As I’ve argued in my previous essays, the process of professionalisation is, more than anything else, about claiming authority over how labour time is deployed, in precedence to any requirement of the market, and in favour of the needs of the person or people served by the professional. Professionalisation is, therefore, a process of decommodification in its own right.
As such, engagement on professionalisation actions stand to meet the requirements of those, like Mary Robertson, who see widespread decommodification as only possible under state control, because it develops support amongst sets of working class people who see others in their class emancipated from the market, and it meets the requirements of those, like Paul Mason, who believe that “elements” of a postcapitalist stakeholder economy exist even within capitalism.
My argument here has been that careworkers can, if assisted along the way, be the agents that trigger a quiet revolution in the way we organise the ‘care economy’. And, if that works, why stop there?
Paul Cotterill works in care and lives in Lancashire. He is treasurer to the New Economy Organisers Network (NEON) and founder member of West Lancashire Resilience Society.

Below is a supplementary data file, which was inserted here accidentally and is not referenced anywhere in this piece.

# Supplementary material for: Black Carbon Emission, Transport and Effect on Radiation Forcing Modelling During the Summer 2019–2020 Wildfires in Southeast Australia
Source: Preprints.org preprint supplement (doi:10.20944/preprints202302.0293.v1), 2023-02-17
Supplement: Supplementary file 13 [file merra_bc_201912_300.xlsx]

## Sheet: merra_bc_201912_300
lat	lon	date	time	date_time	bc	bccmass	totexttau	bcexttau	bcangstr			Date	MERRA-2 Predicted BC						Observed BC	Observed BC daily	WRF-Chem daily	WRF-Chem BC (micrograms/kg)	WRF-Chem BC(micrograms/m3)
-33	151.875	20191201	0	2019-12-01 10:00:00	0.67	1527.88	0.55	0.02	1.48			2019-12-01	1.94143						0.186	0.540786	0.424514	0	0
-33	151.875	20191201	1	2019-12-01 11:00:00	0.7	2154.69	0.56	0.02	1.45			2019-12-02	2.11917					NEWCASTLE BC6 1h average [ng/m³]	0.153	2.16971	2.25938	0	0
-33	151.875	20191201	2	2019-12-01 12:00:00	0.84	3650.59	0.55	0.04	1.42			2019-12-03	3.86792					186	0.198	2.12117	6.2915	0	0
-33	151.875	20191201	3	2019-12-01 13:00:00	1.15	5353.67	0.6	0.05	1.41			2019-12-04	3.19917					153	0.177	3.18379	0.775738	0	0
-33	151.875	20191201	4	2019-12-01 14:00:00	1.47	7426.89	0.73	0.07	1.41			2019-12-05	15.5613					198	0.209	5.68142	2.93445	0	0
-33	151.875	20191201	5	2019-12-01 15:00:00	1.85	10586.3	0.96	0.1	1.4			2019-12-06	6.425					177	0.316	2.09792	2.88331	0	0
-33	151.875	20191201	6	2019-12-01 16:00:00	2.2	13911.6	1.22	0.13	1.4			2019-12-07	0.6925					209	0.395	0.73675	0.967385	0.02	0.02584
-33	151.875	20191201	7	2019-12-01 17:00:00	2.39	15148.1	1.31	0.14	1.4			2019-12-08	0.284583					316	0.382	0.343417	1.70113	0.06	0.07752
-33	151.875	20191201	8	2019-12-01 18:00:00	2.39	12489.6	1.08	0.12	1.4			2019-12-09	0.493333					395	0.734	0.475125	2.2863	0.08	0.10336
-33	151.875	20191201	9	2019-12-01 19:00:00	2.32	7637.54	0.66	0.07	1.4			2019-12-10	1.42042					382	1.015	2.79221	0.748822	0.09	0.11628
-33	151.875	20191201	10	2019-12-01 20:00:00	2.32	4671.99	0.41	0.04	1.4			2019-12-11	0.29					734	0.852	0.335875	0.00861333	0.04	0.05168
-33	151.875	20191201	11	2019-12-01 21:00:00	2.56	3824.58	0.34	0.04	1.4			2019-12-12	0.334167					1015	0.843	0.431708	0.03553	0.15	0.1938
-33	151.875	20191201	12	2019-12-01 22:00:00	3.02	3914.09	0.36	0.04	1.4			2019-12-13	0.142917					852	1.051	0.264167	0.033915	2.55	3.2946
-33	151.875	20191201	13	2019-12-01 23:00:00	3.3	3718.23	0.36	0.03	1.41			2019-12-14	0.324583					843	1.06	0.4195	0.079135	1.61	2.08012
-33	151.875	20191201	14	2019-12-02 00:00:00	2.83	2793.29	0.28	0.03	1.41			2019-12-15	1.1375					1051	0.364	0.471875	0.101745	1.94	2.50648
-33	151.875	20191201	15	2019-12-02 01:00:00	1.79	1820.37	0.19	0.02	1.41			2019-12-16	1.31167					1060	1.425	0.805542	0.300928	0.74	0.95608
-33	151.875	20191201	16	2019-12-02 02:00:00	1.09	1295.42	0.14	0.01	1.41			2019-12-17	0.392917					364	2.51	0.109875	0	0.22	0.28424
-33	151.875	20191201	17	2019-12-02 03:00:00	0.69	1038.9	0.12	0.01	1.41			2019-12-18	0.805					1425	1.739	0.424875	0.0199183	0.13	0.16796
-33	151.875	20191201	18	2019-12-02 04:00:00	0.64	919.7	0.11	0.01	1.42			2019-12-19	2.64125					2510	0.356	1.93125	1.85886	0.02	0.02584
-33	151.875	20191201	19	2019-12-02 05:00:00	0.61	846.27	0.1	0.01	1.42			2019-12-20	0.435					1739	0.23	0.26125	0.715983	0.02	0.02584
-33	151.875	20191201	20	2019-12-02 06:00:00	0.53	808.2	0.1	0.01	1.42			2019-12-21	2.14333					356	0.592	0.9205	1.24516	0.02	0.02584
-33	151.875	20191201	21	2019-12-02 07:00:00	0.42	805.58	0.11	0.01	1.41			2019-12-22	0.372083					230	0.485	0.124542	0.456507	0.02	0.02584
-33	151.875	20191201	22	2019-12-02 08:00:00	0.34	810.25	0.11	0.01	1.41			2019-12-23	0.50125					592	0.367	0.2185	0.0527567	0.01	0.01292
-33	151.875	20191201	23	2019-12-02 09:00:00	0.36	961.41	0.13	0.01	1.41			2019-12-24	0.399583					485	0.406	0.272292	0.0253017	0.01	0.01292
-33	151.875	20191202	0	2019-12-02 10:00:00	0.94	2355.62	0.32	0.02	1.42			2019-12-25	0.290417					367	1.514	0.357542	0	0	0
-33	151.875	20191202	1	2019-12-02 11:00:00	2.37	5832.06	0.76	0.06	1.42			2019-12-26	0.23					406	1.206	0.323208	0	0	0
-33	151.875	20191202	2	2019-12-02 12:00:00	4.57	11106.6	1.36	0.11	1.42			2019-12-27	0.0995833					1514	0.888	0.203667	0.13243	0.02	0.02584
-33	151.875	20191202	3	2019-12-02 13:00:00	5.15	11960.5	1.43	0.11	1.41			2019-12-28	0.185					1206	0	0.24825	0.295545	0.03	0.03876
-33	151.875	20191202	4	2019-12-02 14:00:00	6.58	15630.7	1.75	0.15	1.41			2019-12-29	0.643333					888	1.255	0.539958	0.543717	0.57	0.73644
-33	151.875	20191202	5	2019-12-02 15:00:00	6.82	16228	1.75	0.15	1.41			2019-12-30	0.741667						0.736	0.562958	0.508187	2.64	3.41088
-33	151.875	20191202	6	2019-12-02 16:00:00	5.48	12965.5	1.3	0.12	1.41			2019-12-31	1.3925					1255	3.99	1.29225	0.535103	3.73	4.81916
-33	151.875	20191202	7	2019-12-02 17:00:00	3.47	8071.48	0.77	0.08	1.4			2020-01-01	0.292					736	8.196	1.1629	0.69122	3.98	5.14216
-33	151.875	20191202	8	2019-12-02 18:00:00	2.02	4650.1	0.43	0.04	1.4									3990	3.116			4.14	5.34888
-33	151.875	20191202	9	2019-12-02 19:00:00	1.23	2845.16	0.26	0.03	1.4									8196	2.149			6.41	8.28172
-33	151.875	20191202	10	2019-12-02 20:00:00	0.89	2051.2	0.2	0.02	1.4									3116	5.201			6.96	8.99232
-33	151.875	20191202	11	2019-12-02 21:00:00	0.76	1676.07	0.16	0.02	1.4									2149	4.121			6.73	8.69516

Neil Crowther of the Social Care Future project has suggested in comments on the initial draft of this essay that a better guide for an emergent care profession may lie in Article 19 of the 2016 United Nations Convention on the Rights of Person with Disabilities, and in particular in attention to the General Comment No.5 by the Committee on the Rights of Person with Disabilities (2017). I am grateful for this insight.
 J Bulpitt, Territory and Power in the United Kingdom (1983), Manchester University Press
 Paul Mason, Postcapitalism: A Guide to our Future (2015), Allen Lane